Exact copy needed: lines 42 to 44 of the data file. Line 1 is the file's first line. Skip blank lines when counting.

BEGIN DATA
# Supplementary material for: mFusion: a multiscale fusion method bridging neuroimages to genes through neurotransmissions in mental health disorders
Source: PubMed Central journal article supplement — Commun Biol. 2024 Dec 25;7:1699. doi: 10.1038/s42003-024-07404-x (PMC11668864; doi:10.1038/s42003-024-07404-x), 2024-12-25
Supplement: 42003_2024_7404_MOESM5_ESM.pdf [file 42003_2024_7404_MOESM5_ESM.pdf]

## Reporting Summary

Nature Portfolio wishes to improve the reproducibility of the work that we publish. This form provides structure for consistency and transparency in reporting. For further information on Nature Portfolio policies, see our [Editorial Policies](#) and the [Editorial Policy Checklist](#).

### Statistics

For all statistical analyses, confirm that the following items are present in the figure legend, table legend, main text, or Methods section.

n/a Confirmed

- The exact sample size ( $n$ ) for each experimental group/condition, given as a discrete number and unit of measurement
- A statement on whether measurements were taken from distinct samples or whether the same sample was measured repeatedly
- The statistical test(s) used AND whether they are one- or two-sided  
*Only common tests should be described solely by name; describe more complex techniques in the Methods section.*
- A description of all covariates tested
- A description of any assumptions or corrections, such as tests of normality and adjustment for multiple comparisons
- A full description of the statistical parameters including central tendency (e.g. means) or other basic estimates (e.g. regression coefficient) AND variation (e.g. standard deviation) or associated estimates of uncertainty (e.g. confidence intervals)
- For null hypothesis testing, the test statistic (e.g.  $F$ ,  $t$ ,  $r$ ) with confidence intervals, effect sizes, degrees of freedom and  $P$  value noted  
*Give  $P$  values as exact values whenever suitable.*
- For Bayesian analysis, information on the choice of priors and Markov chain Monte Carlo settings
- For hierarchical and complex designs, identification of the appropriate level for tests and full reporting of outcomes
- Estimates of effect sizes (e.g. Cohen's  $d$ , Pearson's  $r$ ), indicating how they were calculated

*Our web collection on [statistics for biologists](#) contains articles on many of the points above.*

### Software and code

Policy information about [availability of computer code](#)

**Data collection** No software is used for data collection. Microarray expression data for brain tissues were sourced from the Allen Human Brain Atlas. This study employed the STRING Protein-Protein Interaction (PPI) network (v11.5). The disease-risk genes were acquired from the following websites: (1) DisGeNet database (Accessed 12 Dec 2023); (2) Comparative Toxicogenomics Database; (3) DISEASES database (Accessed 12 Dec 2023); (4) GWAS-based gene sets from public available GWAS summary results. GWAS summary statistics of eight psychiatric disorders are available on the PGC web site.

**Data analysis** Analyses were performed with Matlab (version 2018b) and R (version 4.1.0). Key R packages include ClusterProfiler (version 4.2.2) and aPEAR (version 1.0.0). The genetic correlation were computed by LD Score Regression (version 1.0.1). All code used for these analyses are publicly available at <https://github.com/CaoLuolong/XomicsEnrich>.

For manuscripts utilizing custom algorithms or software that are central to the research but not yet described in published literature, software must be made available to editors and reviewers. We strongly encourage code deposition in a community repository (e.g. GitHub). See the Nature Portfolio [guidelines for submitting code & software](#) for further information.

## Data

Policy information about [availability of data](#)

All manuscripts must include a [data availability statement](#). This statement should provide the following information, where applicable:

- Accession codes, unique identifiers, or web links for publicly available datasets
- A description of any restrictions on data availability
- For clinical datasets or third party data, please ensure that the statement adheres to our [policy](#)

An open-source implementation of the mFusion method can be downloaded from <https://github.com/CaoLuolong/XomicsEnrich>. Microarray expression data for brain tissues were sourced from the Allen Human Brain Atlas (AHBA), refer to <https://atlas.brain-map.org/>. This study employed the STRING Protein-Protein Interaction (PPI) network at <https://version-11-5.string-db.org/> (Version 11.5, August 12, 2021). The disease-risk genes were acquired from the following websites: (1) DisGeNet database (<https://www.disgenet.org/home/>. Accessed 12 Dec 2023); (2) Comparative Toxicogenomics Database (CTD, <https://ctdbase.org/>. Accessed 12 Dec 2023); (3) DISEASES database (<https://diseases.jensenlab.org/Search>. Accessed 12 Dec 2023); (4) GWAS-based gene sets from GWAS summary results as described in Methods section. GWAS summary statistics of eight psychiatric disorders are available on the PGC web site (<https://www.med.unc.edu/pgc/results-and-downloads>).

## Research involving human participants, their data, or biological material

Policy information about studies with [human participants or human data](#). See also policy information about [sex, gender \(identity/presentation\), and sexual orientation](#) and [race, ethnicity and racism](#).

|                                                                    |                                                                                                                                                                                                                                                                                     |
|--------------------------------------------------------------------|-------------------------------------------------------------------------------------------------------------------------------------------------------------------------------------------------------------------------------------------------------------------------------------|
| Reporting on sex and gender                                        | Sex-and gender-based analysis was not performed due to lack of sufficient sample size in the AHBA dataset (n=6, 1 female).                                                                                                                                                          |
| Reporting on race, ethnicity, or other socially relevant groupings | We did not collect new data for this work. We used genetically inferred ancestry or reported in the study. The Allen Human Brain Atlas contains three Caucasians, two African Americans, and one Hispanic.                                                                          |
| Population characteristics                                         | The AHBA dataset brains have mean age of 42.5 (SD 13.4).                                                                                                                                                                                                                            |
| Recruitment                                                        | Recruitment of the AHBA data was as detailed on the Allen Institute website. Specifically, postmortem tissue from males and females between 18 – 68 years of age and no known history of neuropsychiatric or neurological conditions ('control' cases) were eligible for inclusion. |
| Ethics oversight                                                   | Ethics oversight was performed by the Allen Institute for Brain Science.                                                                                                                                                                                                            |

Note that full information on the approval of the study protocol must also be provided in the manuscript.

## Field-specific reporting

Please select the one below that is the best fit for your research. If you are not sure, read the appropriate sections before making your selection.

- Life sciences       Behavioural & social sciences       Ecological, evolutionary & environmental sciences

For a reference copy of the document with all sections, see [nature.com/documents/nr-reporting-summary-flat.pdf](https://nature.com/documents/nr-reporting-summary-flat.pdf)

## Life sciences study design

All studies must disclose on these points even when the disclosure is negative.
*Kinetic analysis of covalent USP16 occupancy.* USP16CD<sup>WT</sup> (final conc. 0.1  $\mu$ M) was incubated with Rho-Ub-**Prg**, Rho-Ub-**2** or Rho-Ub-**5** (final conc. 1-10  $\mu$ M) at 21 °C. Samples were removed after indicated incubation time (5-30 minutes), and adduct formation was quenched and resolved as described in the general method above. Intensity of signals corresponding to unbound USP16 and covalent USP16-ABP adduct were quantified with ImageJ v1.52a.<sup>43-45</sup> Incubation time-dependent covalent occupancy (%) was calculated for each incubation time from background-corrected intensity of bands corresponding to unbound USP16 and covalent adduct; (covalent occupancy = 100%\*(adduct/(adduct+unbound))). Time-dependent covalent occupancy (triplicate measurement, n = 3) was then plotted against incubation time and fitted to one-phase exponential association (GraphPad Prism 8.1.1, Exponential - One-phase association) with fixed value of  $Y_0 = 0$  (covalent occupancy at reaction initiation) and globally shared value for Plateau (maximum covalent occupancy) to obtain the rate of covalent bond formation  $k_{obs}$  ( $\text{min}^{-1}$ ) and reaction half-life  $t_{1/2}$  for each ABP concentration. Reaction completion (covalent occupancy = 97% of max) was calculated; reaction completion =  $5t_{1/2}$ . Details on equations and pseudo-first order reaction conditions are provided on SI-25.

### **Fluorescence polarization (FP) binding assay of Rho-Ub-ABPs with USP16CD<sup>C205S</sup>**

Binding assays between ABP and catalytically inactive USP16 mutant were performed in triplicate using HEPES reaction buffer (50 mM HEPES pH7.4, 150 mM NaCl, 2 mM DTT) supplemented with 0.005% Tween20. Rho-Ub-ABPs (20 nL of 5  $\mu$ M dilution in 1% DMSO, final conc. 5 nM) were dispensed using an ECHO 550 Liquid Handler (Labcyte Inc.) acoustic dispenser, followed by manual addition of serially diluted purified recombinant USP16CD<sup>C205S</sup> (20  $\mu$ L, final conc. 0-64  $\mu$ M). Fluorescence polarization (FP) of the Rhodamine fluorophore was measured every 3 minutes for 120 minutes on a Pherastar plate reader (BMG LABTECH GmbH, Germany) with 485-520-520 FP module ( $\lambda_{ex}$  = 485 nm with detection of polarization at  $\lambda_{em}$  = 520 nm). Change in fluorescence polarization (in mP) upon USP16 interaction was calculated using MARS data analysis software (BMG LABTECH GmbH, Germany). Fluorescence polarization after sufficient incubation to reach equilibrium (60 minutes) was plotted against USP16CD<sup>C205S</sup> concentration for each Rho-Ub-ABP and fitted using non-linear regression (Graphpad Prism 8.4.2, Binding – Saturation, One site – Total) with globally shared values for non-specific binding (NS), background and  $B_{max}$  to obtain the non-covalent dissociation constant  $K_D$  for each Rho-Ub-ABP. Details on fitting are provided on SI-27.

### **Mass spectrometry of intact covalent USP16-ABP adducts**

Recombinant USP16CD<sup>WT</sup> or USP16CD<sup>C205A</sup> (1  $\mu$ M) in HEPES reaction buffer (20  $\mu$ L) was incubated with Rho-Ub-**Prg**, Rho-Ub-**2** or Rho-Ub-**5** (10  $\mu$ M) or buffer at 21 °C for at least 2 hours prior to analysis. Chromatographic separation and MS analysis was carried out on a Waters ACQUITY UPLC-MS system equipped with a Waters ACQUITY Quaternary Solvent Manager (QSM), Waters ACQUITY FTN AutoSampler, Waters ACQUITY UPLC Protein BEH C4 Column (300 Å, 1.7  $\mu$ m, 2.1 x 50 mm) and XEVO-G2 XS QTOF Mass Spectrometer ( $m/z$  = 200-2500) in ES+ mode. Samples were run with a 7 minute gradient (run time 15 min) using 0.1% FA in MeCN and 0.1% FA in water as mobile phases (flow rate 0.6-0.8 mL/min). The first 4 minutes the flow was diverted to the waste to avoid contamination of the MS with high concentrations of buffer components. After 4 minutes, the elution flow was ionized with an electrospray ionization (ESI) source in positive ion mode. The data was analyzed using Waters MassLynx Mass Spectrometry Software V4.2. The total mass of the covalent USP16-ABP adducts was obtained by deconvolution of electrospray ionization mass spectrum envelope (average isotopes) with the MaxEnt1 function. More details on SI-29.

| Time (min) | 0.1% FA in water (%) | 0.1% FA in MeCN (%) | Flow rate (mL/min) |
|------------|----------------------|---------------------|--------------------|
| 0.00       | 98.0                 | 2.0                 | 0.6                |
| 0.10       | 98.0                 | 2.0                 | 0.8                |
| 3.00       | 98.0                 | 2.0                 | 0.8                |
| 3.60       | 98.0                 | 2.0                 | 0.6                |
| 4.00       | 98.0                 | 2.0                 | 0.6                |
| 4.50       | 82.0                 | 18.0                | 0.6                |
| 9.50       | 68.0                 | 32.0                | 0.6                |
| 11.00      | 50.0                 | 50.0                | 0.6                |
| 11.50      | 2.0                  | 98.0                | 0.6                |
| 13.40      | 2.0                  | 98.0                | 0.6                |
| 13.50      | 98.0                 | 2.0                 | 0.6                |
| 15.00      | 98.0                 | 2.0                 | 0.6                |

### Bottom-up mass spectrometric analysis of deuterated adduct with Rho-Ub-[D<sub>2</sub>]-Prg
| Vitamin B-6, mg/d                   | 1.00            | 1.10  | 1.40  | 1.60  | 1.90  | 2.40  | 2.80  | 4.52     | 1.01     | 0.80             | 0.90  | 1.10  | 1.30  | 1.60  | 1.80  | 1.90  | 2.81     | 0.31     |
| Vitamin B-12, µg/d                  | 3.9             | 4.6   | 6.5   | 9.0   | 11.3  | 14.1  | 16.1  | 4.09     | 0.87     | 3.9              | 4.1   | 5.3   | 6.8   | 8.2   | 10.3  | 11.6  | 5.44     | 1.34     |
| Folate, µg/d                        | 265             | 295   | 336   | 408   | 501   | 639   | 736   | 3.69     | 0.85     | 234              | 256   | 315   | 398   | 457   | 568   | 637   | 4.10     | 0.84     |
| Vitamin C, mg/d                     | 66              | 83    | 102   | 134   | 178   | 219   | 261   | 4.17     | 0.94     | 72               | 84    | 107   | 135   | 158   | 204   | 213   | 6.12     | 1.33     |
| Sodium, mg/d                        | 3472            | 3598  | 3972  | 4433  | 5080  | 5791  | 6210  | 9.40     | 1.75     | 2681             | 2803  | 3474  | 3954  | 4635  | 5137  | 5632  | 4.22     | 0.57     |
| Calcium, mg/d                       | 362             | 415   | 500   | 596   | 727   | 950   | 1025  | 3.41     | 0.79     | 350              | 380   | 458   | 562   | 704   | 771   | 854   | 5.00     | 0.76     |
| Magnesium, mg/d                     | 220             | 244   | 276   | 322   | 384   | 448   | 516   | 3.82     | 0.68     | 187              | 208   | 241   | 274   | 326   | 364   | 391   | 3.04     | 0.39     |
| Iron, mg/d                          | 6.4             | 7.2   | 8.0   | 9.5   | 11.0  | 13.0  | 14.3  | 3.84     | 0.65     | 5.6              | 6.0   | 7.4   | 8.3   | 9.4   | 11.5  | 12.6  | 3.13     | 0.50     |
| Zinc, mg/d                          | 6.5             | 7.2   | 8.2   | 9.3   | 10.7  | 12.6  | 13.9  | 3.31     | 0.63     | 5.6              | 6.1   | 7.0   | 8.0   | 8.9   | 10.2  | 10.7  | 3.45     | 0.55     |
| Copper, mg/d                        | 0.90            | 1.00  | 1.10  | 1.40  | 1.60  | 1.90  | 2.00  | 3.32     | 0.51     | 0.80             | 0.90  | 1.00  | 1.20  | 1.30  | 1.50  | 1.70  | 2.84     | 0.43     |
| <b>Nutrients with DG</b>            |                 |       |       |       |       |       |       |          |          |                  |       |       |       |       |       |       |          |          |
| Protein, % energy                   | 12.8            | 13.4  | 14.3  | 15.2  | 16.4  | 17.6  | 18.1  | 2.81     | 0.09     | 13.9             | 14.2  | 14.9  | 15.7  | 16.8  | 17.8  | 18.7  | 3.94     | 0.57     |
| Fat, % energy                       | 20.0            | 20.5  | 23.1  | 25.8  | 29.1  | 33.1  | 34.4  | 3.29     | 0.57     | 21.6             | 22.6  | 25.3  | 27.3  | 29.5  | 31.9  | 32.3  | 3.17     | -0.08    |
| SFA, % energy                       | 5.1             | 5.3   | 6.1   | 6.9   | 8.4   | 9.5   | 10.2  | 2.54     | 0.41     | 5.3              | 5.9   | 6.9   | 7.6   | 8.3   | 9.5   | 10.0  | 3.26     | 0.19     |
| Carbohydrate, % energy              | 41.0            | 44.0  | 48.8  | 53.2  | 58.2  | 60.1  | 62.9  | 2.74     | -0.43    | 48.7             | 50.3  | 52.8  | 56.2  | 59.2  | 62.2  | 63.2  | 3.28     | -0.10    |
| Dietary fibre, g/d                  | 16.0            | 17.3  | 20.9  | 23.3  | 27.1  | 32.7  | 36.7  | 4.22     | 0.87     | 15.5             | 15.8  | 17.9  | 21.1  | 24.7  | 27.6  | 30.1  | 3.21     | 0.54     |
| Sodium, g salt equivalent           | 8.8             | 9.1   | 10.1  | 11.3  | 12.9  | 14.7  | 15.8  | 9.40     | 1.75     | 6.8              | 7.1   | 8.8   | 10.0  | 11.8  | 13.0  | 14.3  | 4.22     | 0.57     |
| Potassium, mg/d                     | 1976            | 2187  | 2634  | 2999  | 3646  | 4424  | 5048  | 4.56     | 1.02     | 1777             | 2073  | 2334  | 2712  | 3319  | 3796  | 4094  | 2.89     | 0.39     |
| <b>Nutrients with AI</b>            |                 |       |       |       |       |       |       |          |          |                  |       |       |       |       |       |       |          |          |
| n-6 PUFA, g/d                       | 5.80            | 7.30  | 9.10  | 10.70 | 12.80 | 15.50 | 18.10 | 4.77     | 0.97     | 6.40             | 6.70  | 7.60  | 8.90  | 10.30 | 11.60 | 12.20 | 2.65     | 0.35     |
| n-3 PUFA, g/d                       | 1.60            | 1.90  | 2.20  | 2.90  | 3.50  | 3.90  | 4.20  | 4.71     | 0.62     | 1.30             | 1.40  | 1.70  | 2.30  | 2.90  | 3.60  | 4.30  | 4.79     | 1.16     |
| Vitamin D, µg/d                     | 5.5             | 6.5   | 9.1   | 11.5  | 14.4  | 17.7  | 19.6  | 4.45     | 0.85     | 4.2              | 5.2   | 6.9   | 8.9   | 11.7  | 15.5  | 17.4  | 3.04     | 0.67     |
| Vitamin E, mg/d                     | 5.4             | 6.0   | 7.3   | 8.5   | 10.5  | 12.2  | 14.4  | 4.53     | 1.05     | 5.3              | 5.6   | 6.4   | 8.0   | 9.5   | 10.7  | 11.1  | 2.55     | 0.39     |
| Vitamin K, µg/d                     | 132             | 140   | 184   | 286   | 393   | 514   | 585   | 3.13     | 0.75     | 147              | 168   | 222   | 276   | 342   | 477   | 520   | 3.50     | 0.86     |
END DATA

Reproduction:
| Ethics oversight                                                   | Ethics oversight was performed by the Allen Institute for Brain Science.                                                                                                                                                                                                            |

Note that full information on the approval of the study protocol must also be provided in the manuscript.

## Field-specific reporting